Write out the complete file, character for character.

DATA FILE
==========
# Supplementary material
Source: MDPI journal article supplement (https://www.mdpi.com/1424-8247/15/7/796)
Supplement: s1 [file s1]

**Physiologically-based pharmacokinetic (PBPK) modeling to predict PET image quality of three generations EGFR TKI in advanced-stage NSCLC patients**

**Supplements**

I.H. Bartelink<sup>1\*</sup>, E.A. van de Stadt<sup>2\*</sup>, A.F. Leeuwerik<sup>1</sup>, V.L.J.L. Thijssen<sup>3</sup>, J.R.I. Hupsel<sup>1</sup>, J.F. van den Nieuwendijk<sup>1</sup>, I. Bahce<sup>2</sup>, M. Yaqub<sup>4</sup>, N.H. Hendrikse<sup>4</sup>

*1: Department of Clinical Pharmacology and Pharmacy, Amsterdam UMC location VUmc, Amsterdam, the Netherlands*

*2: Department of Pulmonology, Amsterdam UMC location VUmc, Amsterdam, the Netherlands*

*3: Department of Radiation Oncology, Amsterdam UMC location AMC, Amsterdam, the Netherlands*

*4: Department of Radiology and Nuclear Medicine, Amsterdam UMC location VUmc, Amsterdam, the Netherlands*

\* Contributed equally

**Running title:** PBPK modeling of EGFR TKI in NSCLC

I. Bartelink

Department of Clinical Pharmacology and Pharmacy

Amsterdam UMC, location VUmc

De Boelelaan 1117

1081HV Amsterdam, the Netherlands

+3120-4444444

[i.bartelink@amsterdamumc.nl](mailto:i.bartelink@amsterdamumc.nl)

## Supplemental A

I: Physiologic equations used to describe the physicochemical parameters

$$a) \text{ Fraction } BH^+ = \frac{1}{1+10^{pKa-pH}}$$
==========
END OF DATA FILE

# Supplementary material
Source: MDPI journal article supplement (https://www.mdpi.com/1424-8247/15/7/796)
Supplement: s1 [file s1]

**Physiologically-based pharmacokinetic (PBPK) modeling to predict PET image quality of three generations EGFR TKI in advanced-stage NSCLC patients**

**Supplements**

I.H. Bartelink<sup>1\*</sup>, E.A. van de Stadt<sup>2\*</sup>, A.F. Leeuwerik<sup>1</sup>, V.L.J.L. Thijssen<sup>3</sup>, J.R.I. Hupsel<sup>1</sup>, J.F. van den Nieuwendijk<sup>1</sup>, I. Bahce<sup>2</sup>, M. Yaqub<sup>4</sup>, N.H. Hendrikse<sup>4</sup>

*1: Department of Clinical Pharmacology and Pharmacy, Amsterdam UMC location VUmc, Amsterdam, the Netherlands*

*2: Department of Pulmonology, Amsterdam UMC location VUmc, Amsterdam, the Netherlands*

*3: Department of Radiation Oncology, Amsterdam UMC location AMC, Amsterdam, the Netherlands*

*4: Department of Radiology and Nuclear Medicine, Amsterdam UMC location VUmc, Amsterdam, the Netherlands*

\* Contributed equally

**Running title:** PBPK modeling of EGFR TKI in NSCLC

I. Bartelink

Department of Clinical Pharmacology and Pharmacy

Amsterdam UMC, location VUmc

De Boelelaan 1117

1081HV Amsterdam, the Netherlands

+3120-4444444

[i.bartelink@amsterdamumc.nl](mailto:i.bartelink@amsterdamumc.nl)

## Supplemental A

I: Physiologic equations used to describe the physicochemical parameters

$$a) \text{ Fraction } BH^+ = \frac{1}{1+10^{pKa-pH}}$$